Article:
“Gold gets dug out of the ground in Africa, or someplace. Then we melt it down, dig another hole, bury it again and pay people to stand around guarding it. It has no utility. Anyone watching from Mars would be scratching their head.”
“The problem with commodities is that you are betting on what someone else would pay for them in six months. The commodity itself isn’t going to do anything for you….it is an entirely different game to buy a lump of something and hope that somebody else pays you more for that lump two years from now than it is to buy something that you expect to produce income for you over time.”
You can buy a bond or dividend-paying stock and it will at least pay you interest or a dividend while you hold it. Gold just…is. It can go years, and even decades without going anywhere and can act as a drag on your overall portfolio. Like all investments, it is important to define your sell discipline before you buy in.
Gold – Not Always a Safe Haven
Even though the current environment seems ideal for gold, it is still a volatile asset class. Some investors lured into buying it as a safe investment might be surprised at how it behaves at times. GLD, the largest gold ETF, went down over 45% from its peak in 2011 until 2015 while the Federal Reserve was in the middle of their last version of monetary stimulus. GLD also dropped almost 30% from March – November of 2008 during the depths of the financial crisis. Investors looking to hedge against market downturns would have been better off in treasury bonds or cash.
It has a mixed record on hedging inflation
It is also not as great an inflationary hedge as is historically thought as it does not necessarily move up in lockstep with an increase in inflation. The price of gold peaked in the early 80’s and despite an over 5% rate of inflation the rest of the decade the price of gold went from $850 to $380. The entirety of the 90’s was awful for gold as well. If inflation is a primary concern for you, other asset classes like TIPS and even stocks may act as a better hedge.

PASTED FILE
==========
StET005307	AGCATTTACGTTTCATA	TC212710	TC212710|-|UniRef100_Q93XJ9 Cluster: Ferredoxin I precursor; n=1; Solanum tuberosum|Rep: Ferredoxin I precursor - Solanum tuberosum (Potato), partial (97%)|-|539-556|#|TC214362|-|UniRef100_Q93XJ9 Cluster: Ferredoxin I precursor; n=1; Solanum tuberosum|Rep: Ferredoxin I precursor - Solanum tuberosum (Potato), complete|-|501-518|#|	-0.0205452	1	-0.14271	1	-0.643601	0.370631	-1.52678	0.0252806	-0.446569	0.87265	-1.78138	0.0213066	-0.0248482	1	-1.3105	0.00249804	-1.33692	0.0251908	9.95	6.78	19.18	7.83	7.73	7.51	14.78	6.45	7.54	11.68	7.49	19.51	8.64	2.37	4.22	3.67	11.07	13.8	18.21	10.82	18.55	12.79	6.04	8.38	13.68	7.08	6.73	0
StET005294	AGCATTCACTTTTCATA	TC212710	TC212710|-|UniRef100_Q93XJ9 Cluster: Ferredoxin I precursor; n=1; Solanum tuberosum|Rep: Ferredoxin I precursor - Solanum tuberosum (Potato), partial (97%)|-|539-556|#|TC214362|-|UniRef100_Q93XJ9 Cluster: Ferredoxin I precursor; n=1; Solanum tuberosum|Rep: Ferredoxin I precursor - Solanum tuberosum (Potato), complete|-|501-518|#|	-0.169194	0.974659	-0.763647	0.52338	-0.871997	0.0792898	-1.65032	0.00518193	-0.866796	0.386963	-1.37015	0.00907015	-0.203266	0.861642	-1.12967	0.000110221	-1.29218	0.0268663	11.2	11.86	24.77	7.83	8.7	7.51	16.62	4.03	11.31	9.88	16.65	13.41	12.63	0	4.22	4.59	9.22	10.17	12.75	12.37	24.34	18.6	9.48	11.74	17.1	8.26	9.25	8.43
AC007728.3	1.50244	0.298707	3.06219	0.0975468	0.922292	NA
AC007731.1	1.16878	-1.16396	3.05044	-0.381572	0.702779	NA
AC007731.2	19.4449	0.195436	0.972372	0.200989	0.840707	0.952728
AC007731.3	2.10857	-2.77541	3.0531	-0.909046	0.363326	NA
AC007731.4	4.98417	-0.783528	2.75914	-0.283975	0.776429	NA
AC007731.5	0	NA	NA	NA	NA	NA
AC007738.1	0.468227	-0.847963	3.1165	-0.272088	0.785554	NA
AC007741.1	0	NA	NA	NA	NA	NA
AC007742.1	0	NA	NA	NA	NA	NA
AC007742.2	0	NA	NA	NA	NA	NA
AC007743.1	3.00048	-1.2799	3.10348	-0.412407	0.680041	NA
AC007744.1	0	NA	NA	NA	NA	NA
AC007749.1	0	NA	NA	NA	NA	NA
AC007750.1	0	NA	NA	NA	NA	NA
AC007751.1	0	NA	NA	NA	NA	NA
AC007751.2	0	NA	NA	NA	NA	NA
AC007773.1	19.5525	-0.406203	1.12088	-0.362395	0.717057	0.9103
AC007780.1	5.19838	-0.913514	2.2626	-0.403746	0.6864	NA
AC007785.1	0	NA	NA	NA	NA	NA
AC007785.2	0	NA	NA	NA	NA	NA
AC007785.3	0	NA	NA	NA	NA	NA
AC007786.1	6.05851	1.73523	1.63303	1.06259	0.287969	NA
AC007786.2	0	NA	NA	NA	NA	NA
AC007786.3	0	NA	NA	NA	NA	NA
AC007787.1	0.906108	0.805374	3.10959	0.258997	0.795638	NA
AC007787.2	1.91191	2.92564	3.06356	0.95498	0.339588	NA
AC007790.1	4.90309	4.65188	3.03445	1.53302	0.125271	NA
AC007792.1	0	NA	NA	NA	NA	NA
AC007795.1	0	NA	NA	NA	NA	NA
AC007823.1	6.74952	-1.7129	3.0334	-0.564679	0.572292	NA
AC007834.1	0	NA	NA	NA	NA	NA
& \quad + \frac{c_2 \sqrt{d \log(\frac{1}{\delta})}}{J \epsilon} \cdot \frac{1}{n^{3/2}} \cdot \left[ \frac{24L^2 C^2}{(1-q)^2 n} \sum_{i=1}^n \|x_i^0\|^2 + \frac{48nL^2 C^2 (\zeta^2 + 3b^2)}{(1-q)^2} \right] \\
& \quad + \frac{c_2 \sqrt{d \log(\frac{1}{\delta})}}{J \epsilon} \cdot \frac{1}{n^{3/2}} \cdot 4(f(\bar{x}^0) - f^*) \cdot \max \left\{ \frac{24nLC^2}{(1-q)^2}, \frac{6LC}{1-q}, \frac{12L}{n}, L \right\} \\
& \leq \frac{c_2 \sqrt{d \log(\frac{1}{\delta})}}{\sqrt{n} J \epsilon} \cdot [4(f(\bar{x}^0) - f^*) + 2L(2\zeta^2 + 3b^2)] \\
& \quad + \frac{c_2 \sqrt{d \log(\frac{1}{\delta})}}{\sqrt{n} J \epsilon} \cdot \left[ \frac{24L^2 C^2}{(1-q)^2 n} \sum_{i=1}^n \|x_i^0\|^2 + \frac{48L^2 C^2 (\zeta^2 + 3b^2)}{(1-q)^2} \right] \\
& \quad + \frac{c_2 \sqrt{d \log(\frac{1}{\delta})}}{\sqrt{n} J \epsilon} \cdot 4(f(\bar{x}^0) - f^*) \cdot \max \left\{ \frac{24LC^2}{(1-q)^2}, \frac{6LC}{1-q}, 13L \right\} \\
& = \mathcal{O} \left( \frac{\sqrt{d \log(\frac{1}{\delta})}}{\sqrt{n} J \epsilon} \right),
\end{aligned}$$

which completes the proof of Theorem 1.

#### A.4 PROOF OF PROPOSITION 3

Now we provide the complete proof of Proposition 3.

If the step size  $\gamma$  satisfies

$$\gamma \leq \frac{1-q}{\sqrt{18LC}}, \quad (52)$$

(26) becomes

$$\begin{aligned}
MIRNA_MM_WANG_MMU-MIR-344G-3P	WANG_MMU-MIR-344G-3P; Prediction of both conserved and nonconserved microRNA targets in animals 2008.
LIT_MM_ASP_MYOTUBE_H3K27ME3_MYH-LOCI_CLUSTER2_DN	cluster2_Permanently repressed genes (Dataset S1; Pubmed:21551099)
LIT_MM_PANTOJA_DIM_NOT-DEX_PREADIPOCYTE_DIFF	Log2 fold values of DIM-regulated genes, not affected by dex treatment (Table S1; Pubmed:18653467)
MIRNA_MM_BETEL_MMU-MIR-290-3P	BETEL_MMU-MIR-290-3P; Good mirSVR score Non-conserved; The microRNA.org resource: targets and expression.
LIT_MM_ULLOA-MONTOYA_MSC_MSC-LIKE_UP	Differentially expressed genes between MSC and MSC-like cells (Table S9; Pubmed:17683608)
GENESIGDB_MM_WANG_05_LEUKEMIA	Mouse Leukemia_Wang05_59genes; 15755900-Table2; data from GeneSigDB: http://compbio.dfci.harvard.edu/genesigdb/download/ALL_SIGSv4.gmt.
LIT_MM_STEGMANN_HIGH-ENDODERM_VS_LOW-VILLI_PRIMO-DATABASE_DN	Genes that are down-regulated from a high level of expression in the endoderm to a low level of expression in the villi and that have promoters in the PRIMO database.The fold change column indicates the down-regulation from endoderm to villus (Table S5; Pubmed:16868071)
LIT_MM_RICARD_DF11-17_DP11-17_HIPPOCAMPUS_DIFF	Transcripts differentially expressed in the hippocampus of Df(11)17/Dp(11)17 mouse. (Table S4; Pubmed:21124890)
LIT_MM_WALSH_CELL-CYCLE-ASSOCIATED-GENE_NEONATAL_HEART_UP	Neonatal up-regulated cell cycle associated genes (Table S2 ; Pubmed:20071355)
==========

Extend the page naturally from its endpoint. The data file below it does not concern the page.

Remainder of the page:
Own Enough Gold to Make it Worthwhile
Most gold allocation recommendations from asset managers seem to call for a 2-6% allocation in a diversified portfolio. Is that amount going to have a meaningful impact to your portfolio one way or the other? If you do want to own enough to make a difference in your portfolio returns, you have to ask yourself if it is really worth the potential opportunity cost of not owning income and cash flow producing assets instead.
Gold is a unique asset that seems to have as many fans as it does detractors. Investors trade it for different reasons, which proves difficult to determine why it performs as it does sometimes. But it has proven it can outperform stocks and bonds during certain environments and can be a good investment for investors that want additional diversification and an alternative to negative real interest rates. But investors that do invest in gold should be prepared for a volatile ride that can turn the other way quickly if real interest rates start to climb again.
About the author: Timothy Kenney
Timothy Kenney, CFP®, is the founder of TK Pacific Wealth, Inc., a financial planner located in San Diego, CA. Timothy acts as a financial advisor to both San Diego residents and clients around the country providing retirement planning, investment management, and tax advice. The firm works on a fiduciary, fee-only basis.